The UPSC presents, annually, to the president a report on its performance. The President places this report before both the Houses of Parliament, along with a memorandum explaining the cases where the advice of the Commission was not accepted and the reasons for such non-acceptance. All such cases of non-acceptance must be approved by the Appointments Committee of the Union cabinet. An individual ministry or department has no power to reject the advice of the UPSC.
The following matters are kept outside the functional jurisdiction of the UPSC. In other words, the UPSC is not consulted on the following matters:
(a) While making reservations of appointments or posts in favour of any backward class of citizens.
(b) While taking into consideration the claims of scheduled castes and scheduled tribes in making appointments to services and posts.
(c) With regard to the selections for chairmanship or membership of commissions or tribunals, posts of the highest diplomatic nature and a bulk of group C and group D services.
(d) With regard to the selection for temporary or officiating appointment to a post if the person appointed is not likely to hold the post for more than a year.
The president can exclude posts, services and matters from the purview of the UPSC. The Constitution states that the president, in respect to the all- India services and Central services and posts may make regulations specifying the matters in which, it shall not be necessary for UPSC to be consulted. But all such regulations made by the president shall be laid before each House of Parliament for at least 14 days. The Parliament can amend or repeal them.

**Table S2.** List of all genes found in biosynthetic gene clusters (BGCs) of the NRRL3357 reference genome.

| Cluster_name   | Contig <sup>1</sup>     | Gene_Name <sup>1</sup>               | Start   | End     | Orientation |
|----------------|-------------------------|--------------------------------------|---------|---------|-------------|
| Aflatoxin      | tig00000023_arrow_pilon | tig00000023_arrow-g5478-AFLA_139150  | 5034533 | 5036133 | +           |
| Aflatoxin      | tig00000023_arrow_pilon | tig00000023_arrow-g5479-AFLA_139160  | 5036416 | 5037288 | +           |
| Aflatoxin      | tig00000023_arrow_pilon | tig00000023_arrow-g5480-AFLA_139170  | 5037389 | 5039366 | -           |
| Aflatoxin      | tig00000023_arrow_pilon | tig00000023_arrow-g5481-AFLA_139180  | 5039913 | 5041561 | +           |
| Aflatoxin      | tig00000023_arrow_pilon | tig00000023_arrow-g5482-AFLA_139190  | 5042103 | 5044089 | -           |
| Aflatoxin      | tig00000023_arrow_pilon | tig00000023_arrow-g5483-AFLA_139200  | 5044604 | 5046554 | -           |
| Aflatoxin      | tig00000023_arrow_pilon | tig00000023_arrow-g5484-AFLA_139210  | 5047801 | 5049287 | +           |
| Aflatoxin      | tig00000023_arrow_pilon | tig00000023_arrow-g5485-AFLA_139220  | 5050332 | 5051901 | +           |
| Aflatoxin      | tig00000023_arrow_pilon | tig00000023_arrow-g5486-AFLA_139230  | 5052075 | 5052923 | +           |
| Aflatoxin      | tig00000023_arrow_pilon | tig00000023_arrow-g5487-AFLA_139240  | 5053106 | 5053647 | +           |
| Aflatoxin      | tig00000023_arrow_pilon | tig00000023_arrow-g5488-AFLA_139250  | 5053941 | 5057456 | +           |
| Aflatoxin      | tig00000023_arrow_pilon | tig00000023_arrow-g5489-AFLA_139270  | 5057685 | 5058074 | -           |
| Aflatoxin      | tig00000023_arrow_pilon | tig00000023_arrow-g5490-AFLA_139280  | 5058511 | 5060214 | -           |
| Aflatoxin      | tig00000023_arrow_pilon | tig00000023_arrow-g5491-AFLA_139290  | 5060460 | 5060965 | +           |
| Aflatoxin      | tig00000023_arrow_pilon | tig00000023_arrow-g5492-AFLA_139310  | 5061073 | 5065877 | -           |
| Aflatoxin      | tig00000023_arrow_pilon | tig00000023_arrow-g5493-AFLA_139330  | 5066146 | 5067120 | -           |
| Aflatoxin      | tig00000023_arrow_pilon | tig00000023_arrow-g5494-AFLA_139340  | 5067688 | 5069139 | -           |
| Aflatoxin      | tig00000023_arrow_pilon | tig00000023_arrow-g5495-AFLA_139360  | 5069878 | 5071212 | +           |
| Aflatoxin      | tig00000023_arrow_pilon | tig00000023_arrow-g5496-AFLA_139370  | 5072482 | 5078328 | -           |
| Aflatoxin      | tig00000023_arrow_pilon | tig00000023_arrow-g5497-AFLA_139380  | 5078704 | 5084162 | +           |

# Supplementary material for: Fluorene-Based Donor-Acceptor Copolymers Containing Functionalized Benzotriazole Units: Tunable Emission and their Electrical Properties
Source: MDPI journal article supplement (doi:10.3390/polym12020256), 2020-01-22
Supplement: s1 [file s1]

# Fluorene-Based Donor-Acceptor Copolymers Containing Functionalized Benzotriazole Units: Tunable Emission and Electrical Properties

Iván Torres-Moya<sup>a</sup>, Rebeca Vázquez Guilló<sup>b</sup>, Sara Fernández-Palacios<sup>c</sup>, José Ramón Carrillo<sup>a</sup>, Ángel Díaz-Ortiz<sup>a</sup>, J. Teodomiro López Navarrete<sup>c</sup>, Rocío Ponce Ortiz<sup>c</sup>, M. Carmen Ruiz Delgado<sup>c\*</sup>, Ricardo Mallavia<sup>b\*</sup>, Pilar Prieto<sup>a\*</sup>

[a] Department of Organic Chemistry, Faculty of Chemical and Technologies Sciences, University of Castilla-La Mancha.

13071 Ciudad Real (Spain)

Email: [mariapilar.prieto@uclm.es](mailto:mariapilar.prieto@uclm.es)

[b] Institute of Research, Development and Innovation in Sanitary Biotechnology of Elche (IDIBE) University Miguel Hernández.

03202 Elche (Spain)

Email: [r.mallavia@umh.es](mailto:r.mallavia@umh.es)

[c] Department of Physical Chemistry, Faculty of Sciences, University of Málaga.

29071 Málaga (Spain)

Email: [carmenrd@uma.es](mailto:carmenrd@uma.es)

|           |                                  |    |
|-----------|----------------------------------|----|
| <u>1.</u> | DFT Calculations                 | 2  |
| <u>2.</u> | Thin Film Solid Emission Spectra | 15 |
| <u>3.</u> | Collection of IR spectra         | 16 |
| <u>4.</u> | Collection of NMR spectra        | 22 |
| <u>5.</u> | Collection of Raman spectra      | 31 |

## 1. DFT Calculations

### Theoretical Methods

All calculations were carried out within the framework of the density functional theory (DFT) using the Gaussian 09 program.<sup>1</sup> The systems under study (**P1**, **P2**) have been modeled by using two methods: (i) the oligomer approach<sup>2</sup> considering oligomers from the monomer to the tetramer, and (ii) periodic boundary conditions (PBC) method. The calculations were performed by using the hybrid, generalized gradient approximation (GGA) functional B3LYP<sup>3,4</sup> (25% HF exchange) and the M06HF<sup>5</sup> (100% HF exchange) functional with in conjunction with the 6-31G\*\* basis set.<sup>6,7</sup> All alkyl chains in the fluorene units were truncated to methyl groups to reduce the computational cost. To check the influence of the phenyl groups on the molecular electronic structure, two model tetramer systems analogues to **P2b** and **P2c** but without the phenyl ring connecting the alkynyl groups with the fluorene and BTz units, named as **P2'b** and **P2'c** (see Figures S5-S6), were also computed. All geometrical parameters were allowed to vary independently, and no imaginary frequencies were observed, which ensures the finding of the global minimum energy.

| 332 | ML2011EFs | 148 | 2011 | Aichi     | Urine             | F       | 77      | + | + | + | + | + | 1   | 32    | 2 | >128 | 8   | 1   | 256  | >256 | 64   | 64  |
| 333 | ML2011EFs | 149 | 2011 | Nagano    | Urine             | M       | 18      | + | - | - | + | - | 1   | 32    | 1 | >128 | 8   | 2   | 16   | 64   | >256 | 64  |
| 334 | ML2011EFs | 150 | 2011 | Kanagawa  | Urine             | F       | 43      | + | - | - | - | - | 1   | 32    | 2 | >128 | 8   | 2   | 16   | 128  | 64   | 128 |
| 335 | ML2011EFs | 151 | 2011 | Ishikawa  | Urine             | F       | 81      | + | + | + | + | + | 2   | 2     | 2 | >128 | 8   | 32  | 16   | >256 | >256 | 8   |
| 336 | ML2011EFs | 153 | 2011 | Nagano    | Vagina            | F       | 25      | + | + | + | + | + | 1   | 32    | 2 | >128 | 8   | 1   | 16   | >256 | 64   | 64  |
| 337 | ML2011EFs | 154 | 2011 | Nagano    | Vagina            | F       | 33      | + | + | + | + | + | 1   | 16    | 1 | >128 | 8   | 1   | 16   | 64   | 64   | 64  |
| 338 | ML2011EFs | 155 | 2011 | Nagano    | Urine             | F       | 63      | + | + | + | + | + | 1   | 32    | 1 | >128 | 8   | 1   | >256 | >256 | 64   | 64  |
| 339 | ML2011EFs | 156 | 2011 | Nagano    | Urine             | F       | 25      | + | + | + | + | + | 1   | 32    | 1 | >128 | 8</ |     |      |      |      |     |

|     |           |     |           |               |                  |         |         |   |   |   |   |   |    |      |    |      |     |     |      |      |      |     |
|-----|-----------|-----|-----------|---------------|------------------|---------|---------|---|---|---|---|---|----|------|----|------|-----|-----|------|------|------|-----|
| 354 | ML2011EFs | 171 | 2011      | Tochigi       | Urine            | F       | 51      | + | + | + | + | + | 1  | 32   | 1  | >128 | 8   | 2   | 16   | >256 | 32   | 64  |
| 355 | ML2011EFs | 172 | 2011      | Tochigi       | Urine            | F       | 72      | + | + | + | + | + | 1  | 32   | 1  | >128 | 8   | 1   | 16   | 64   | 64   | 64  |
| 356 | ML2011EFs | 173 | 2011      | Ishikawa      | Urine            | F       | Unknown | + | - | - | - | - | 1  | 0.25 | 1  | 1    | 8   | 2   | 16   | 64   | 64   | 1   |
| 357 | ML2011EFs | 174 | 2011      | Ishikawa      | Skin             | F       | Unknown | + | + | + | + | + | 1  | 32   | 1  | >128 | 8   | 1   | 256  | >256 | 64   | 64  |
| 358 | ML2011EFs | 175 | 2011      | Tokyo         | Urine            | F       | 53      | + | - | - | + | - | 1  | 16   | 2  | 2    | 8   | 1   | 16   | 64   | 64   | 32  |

The Constitution visualises the UPSC to be the ‘watch-dog of merit system’ in India. It is concerned with the recruitment to the all-India services and Central services—group A and group B and advises the government, when consulted, on promotion and disciplinary matters. It is not concerned with the classification of services, pay and service conditions, cadre management, training, and so on. These matters are handled by the Department of Personnel and Training—one of the three departments of the Ministry of Personnel, Public Grievances and Pensions5. Therefore, UPSC is only a central recruiting agency while the Department of Personnel and Training is the central personnel agency in India.
The role of UPSC is not only limited, but also recommendations made by it are only of advisory nature and hence, not binding on the government. It is upto the Union government to accept or reject that advise. The only safeguard is the answerability of the government to the Parliament for departing from the recommendation of the Commission. Further, the government can also make rules which regulate the scope of the advisory functions of UPSC6.
The emergence of Central Vigilance Commission (CVC) in 1964 affected the role of UPSC in disciplinary matters. This is because both are consulted by the government while taking disciplinary action against a civil servant. The problem arises when the two bodies tender conflicting advise. However, the UPSC, being an independent constitutional body, has an edge over the CVC, which is created by an executive resolution of the Government of India and conferred a statutory status in October 2003.